Environmental protection gets most of the global attention within the ESG (Environmental, Social and Governance) sector of investing, but new research from Allianz Life Insurance Company of North America reveals that in the U.S., social and governance issues are equally important, if not more important than your brand’s environmental record when consumers are deciding whether or not to invest in—or do business with—a company.
In addition, the firm’s ESG Investor Sentiment Study found that a company’s ESG profile plays a significant role in its overall reputation, as a majority of consumers believe companies focused on ESG issues have better long-term prospects.
When asked about the importance of a variety of ESG topics in making a decision to invest in a company, 73 percent of American consumers noted environmental concerns like natural resource conservation or a company’s carbon footprint/impact on climate change. However, the same percentage emphasized social issues such as working conditions of employees or racial/gender equality, and 69 percent highlighted governance topics like transparency of business practices and finances, or level of executive compensation, as being significant in their decision making.
A similar preference for positive social and governance results was even more pronounced in relation to consumers’ decisions to actually do business with a company. More than one-third (34 percent) of respondents said a company’s stance on social issues was the most important factor followed by 27 percent who indicated corporate governance issues were a top priority. Less than a quarter (22 percent) cited a company’s record on environmental issues as their chief concern.
“ESG investing has taken on more prominence in recent years as consumer interest has driven the ESG engagement we’re now seeing within the investment space,” said Todd Hedtke, chief investment officer for Allianz Investment Management, in a news release.
“While environmental factors are certainly important, the average investor in the U.S. is just as interested in a company’s social and governance practices before they make investment decisions,” he added. “From a business perspective, companies need to pay attention to the fact that ESG is not some passing fad. Companies that view this as an opportunity to make changes are likely to realize a positive impact in both the near- and long-term.”
Actions speak louder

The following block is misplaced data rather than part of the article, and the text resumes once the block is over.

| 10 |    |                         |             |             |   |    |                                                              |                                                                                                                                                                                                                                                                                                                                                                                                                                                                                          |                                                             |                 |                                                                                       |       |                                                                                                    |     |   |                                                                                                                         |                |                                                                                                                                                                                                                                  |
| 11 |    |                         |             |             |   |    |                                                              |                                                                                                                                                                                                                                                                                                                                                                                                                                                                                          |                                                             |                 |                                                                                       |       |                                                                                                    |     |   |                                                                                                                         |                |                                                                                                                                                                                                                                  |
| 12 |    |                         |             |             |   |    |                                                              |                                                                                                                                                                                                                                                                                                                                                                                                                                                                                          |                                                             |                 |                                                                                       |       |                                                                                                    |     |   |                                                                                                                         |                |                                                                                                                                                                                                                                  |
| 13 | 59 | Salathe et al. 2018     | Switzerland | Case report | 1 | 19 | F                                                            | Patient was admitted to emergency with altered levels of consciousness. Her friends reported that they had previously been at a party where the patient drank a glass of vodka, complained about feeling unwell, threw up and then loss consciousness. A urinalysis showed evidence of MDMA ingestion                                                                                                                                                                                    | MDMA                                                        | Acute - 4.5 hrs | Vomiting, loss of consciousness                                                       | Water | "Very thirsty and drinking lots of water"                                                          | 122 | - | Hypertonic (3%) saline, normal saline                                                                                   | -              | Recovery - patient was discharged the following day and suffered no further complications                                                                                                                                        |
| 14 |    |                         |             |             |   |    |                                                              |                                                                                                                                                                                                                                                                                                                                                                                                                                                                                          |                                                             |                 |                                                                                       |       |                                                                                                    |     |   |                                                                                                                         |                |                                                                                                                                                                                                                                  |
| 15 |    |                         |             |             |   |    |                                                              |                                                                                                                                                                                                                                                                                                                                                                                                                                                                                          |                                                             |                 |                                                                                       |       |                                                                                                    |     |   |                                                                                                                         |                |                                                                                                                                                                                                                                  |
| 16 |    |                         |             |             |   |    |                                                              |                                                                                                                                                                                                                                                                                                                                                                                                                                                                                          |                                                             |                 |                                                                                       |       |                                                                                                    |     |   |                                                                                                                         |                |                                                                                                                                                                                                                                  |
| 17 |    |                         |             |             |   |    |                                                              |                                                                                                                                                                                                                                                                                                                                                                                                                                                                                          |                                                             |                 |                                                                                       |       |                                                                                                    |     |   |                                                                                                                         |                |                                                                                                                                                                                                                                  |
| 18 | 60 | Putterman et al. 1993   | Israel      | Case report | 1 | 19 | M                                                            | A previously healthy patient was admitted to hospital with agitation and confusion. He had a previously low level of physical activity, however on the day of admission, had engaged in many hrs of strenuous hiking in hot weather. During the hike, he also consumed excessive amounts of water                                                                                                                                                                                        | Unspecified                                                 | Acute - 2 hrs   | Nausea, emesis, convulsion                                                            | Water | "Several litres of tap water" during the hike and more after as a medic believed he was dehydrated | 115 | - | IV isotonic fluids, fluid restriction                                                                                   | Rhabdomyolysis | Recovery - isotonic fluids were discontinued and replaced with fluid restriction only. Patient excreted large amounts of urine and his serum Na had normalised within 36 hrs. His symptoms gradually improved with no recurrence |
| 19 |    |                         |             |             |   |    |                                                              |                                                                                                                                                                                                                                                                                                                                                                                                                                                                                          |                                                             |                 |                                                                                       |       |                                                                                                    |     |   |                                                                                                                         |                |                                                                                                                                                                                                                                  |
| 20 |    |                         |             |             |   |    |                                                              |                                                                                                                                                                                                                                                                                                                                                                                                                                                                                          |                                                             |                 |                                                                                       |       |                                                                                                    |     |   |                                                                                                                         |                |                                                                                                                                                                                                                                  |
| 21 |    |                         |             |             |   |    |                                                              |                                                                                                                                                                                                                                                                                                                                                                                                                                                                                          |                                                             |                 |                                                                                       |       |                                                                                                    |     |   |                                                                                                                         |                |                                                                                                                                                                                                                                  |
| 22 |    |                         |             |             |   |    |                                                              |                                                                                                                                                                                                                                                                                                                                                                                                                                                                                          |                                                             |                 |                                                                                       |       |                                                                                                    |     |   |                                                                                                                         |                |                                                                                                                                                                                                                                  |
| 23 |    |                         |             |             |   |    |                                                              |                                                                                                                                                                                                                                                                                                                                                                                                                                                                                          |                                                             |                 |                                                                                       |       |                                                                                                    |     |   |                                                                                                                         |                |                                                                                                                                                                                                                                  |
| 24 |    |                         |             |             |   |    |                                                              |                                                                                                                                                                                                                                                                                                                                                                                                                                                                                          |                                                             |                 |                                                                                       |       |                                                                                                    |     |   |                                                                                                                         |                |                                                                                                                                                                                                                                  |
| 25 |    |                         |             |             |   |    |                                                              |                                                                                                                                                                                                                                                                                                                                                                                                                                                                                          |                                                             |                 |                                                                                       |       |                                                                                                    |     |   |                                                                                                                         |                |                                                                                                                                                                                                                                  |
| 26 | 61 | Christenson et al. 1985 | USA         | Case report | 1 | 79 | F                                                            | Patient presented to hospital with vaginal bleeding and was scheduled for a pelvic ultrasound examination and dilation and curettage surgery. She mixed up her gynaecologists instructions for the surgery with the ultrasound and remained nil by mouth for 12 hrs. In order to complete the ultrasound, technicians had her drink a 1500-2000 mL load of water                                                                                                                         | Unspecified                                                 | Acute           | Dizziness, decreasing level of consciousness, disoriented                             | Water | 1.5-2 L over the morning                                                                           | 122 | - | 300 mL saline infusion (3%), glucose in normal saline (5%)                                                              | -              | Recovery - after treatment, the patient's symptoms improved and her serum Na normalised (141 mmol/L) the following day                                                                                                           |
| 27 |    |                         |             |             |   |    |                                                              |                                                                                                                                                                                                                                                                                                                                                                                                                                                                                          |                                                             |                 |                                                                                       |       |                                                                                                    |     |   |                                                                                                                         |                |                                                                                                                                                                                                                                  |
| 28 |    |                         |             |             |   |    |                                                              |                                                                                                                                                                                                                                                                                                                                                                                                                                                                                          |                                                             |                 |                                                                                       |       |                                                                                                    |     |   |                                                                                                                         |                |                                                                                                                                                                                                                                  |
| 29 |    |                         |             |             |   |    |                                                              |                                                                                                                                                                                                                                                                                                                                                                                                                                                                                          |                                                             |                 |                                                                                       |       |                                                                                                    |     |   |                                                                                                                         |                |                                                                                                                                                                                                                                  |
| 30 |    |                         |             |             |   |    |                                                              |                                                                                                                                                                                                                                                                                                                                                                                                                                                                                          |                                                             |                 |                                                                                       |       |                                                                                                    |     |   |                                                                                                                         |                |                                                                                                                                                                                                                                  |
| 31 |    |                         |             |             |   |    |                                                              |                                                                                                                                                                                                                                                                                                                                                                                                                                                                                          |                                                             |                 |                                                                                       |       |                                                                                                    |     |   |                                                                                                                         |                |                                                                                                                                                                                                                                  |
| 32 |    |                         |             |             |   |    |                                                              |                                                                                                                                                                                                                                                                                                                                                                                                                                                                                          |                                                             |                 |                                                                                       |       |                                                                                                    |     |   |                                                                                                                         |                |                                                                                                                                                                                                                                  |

When it comes to investments, most consumers agree that a focus on ESG makes good financial sense. Nearly 80 percent said they “love the idea of investing in companies that care about the same issues” they do, and 74 percent believe an ESG investment strategy is “not only one that you can feel good about, but one that makes long-term financial sense.” A full 71 percent percent also said they would stop investing in a company if it behaved in ways they consider unethical.
However, a significant gap still exists between what people say is important and how they actually invest.
More than three-quarters of respondents said the following ESG issues were important in their decision to invest:
- Provides safe working conditions for employees (84 percent)
- Transparent in their business practices and finances (81 percent)
- Provides living wages to employees (80 percent)
- Provides quality health insurance to their employees (78 percent), and
- Conserves natural resources (76 percent)
Yet, less than half said they chose to invest/not invest based on those same business practices:
- Provides safe working conditions for employees (42 percent)
- Transparent in their business practices and finances (44 percent)
- Provides living wages to employees (40 percent)
- Provides quality health insurance to their employees (42 percent), and
- Conserves natural resources (44 percent)
“Although many people remain skeptical about actual returns from ESG-focused investments and are confused about what qualifies as an ESG investment, investors still see value in supporting businesses with strong ESG practices,” said Kelly LaVigne, vice president of Consumer Insights for Allianz Life, in the release.
“As information about the way companies operate becomes more readily available to average investors, we anticipate an even stronger focus on ESG performance,” LaVigne added. “Greater awareness and education on ESG topics will help bridge any existing information gaps on the true importance of ESG.”
People who have intentionally stopped investing or chosen to invest in a company because of their business practices related to:
Reward rather than punish
While a discrepancy exists between beliefs and investment actions, investors more often choose to reward companies for good behavior rather than punish them for issues where they don’t align.
Among the 16 different ESG issues highlighted in the study, 11 issues were more influential in investors’ decision to actively invest, including carbon footprint/impact on climate change, charitable contributions, involvement in reducing poverty and wages provided to employees. Only two issues were more influential in causing people to stop investing: animal testing and donations to political candidates/PACs.s